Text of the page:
As the sun sets the Foo’s run through hit after hit: Run, The Sky Is a Neighborhood, Times Like These and Monkey Wrench. Grohl’s teenage daughter Violet, first assisting the backing singers, heads front and centre for a powerful duet of My Hero. Both emotional, humorous and even though in front of an audience of more than 60,000 it feels intimate and special. As the bands last their last note rings out. The sky is filled with colour and explosions of some huge fireworks, which while stunning, still pale in compassion to the Foo’s amazing performance.

Is a supergroup a project propelled by vanity? Should they be approached as something less than the sum of its parts? Mini Mansions a trio made up of Queens of the Stone Age’s Michael Shuman, The Last Shadow Puppets’ Zach Dawes and Arctic Monkey’s Tyler Parkford’s. While each of the artist unique personalities is in evidence it is hard not to hear the Arctic-ification throughout their synth waved gritty rock. The band’s latest releases a swing slightly in a mainstream direction and this has added further depth with their newer tracks Bad Things (That Make You Feel Good) and I’m in Love sounding great live.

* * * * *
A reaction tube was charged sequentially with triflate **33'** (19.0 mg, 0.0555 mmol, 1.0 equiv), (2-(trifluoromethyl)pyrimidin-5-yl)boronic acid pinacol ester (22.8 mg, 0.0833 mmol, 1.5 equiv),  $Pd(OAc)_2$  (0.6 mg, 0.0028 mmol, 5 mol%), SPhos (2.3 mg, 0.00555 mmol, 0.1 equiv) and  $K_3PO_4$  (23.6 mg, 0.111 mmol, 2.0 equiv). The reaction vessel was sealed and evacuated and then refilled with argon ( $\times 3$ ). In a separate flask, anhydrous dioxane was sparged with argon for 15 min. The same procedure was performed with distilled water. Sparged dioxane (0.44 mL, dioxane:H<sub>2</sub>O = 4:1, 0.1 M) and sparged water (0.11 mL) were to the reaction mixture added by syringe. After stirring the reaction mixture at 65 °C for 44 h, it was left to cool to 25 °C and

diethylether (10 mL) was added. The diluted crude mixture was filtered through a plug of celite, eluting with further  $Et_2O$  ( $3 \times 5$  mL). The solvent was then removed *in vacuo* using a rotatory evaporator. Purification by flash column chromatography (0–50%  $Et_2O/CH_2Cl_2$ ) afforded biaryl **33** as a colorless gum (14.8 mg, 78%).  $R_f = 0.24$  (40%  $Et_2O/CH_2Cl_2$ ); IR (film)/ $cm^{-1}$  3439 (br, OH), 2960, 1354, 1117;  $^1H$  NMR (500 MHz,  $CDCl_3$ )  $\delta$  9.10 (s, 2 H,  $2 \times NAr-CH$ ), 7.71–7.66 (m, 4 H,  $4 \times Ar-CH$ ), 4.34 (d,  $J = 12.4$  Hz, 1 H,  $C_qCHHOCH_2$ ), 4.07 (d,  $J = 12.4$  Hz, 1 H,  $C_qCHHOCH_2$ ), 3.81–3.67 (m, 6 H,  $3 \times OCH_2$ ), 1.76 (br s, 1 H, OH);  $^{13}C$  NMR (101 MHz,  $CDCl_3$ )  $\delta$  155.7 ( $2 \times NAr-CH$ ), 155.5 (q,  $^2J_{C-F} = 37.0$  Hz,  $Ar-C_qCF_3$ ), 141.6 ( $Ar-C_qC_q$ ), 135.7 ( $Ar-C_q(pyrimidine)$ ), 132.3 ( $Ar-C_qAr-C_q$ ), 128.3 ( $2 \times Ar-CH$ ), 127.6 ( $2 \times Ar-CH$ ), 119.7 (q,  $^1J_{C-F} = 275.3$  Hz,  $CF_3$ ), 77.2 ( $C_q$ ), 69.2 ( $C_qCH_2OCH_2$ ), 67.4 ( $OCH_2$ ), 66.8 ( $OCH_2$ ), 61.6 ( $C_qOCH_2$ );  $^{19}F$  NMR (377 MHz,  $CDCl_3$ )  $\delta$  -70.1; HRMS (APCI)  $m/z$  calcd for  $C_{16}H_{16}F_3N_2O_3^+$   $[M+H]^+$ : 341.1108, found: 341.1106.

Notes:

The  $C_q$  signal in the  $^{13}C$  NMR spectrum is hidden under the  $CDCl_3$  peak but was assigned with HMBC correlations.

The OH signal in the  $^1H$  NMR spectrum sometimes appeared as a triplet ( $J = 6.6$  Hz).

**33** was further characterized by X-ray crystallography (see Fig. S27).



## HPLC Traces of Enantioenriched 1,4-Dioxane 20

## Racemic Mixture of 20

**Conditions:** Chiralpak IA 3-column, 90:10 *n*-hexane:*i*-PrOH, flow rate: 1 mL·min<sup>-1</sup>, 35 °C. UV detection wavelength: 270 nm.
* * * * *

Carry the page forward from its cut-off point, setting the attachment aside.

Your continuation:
The sonic creations of Puppy fill The Pit stage tent from the start. Their sensational riffs and bold melodies a powerful statement and perfect for a summer evening. Their set is full of cynical wit that gives Puppy an approachable affability. However, don’t get this wrong Puppy are no joke with the electric combination of heavy rock riffs, alt-metal rhythms and the emotive catchy lyrics.